Spanish-born Rafael Bonachela, now Artistic Director of the Sydney Dance Company, shares his memories of his first day in Australia, and takes Janice Petersen through his treasured family album.
Sydney Dance Company's Rafael Bonachela seems relaxed and grounded as he invites me into his breezy, light-filled apartment in Sydney’s eastern suburbs.
It’s not just that the Artistic Director happens to be barefoot, he’s relishing a rare afternoon off work in a home that’s a world away from the Spanish town of his childhood.
The sinewy Spaniard was born with an insatiable desire to move his body - and bring others along for the ride.
He'd put on performances in his small town in Barcelona, long before he knew it was an art form he would dedicate his life to.
The choreographer and dancer has been at the helm of the Sydney Dance Company for eight years and is happy to heap praise on his new homeland.
“Australia has made a dream come true which is the dream I had as a little child in Spain which was to do with dance before I knew that dance could become a profession and that you could earn your living and that you could create choreography and make a dance as I used to call it as a child,” he says.
Bonachela was born at the end of Francoist Spain, a time when dictator Francisco Franco rose to power during the Spanish Civil War.
The dancer was three years old when Franco died and the country moved back to democratic rule.
“When I was born in La Garriga it was a society which was going through 36 years of dictatorship and it had gone through a lot of war before that and a lot of pain and a lot of horrible things that happened," he says.
"I was born at a time of hope and of change and that change happened very, very quickly.”
He reflects on his childhood as he thumbs through faded photographs of himself as a boy dressed in various home-spun costumes, treading the boards around his tight-knit neighbourhood.
“It was a very small town, a country town like you would say in Australia and I loved dancing. But it was something that my parents didn't know what to do with it but that didn't stop them from supporting me as a young kid," he says.
"I'm a pre-Billy Elliot boy. I always say there's a pre and a post. The post, it's much easier for boys to dance and to not feel like there's something wrong about it.”
That love of dance proved irrepressible and led him to London where the then teenager revelled in the boundless energy and creativity of his cohort.
After two decades though, he set his sights on Australia where he would take the reins of one of the country's leading dance companies, the SDC.
“I was 38, I was single and I was ready for another challenge, so I just took it on and I packed my bags and literally within two weeks and one suitcase, I moved to Australia,” he says.
His memories of his first day in the country are seared into his mind with all the force of a harsh Australian sun.
“I was looking forward to this new chapter. I had never been to Brisbane and it was December and it was so hot. It was so sunny," he says.
"The space around the sky and everything about it and I actually, in fact I connected so much with my childhood because I spent my childhood in Spain where there was the sun, there was the good weather where there was the Mediterranean life and in a way I felt immediately at home in that sense.”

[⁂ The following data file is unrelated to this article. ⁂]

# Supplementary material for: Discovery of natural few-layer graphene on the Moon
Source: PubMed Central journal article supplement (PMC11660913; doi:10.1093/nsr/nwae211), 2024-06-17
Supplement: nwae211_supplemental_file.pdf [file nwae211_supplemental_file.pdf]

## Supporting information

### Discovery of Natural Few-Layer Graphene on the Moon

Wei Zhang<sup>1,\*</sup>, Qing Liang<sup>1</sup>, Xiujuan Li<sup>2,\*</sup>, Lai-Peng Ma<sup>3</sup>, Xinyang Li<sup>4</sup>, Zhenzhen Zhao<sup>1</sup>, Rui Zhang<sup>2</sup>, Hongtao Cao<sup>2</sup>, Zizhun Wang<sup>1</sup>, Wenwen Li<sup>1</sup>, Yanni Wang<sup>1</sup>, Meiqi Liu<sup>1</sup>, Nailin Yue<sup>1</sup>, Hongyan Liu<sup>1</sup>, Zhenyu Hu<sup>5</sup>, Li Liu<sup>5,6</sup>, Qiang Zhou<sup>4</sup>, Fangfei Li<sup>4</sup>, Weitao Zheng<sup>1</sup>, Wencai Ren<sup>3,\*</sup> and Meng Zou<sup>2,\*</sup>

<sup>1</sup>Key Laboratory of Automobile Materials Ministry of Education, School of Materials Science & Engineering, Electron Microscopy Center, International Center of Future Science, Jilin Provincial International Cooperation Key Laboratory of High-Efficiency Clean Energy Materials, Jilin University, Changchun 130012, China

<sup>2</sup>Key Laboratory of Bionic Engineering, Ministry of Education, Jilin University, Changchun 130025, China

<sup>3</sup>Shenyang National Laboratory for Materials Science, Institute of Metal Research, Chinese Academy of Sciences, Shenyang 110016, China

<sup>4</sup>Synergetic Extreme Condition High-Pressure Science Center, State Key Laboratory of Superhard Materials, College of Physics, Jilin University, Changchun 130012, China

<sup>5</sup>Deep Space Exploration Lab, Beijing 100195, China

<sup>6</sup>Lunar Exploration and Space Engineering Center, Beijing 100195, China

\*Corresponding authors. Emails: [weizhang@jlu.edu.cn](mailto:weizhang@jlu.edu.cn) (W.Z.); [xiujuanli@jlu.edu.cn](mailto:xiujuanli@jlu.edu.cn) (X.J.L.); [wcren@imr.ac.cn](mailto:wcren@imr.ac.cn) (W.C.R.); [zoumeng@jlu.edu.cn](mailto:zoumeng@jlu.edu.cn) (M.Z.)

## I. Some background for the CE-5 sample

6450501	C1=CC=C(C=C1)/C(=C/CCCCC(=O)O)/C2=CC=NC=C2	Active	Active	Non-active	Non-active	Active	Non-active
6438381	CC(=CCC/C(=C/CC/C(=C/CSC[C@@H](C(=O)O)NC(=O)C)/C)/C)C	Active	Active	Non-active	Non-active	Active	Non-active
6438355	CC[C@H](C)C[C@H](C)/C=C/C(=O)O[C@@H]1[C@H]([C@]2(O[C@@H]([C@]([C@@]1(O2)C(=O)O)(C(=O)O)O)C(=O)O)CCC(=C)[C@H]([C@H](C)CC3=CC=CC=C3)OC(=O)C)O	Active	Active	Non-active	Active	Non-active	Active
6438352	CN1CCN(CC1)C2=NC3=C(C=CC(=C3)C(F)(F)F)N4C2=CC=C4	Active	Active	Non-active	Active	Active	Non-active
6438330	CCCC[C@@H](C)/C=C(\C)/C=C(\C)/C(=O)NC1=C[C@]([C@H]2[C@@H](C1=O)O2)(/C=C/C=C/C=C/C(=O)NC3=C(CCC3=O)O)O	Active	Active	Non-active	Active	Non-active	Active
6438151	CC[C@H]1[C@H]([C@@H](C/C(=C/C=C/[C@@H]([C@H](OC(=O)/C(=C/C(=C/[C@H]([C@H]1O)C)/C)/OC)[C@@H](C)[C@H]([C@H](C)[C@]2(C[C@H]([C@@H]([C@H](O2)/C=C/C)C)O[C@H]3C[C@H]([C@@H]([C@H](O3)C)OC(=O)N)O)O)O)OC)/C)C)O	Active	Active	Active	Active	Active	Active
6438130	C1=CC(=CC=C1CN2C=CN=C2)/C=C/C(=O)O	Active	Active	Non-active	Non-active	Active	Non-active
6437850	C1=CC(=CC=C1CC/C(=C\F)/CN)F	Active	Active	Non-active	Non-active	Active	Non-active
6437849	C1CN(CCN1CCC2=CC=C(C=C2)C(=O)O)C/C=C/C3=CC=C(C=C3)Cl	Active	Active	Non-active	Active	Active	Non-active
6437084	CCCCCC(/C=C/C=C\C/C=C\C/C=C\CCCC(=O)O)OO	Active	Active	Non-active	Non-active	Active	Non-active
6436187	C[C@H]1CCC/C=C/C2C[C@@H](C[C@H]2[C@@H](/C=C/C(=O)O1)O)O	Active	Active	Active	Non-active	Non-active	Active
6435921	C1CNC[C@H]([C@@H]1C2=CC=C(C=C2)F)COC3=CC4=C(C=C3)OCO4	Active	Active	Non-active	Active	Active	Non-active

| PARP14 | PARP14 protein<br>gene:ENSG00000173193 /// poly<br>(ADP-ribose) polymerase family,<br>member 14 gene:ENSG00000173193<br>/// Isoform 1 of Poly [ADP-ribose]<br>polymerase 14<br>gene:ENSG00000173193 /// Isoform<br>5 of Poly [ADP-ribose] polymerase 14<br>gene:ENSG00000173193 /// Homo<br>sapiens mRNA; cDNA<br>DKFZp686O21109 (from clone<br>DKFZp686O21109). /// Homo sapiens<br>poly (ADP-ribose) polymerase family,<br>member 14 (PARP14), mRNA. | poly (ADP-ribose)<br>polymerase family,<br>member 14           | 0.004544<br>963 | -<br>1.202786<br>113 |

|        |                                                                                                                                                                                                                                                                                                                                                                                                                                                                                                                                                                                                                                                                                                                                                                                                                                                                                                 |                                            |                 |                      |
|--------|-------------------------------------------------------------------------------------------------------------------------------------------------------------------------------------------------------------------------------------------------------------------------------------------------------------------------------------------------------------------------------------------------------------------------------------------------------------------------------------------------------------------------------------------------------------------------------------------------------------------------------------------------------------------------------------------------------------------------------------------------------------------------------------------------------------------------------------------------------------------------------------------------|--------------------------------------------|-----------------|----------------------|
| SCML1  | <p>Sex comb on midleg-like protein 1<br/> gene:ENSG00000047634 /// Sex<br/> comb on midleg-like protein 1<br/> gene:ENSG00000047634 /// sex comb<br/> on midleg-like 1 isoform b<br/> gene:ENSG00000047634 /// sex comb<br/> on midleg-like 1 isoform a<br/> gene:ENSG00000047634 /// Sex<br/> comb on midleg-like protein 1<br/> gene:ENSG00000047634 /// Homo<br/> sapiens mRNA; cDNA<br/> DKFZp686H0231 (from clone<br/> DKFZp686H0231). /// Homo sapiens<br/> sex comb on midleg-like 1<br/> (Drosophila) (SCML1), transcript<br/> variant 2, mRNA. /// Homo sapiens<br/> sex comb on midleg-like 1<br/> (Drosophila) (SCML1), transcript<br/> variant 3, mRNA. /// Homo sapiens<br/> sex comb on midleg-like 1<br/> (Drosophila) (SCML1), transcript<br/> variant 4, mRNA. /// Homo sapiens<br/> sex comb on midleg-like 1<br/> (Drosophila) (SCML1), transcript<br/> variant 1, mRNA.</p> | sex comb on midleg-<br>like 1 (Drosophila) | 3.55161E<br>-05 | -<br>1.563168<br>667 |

And while he’s a fan of the laidback attitude of many Australians, much more dynamic traits resonate more deeply.
“I have known many Australians throughout my career in dancing and other projects and for me my impressions were that in dance there was a real curiosity and also a wish to go into a next chapter and to find out more things," he says.
"I have found a lot of passion. I am very fortunate to work in the arts and when you work in the arts you have to be passionate there's no two ways about it. You do it because there's a need to do it, because you want to communicate with people, because you want people to be moved, people to be inspired.
"People need to feel something and if we don’t have that in the arts then I don’t know where we're going to have it.”
On a rare work trip to Barcelona in 2011 with the SDC, he was able to show his childhood friends what became of the boy who loved to dance.
“My mum organised the bus from my home town," he says. "It felt like a wonderful circle that all these people that saw me dance when I was a child and I was literally dancing in the streets just because I loved doing it, because I loved sharing it and I loved putting up a show.
"To come back later, many, many years later with Sydney Dance Company and to be performing in a theatre in Barcelona was a very, very special moment for me and for my family.”
And while he has mastered the universal language of dance, the nuances of the local lingo back in Sydney still keeps this seasoned performer on his toes.
“I would hear like, 'arvo' and a lot of words that make so much sense to everyone but I was like, 'Oh I thought I knew English and now I have to learn all these other ways of speaking,'" he says.
"But I find that funny and now use them of course and I go back to London and everyone thinks I have an Australian accent."
And it's an accent he continues to work on, along with building a lasting legacy of moving dancers' bodies and audiences the world over.
“I hope that I've given to Australia a new way of seeing dance," he says. "I've created my own work but at the same time invited many choreographers that had never presented their work here in Australia and that's something that I was very aware from the beginning. What I learned from dance and to be able to share that here.”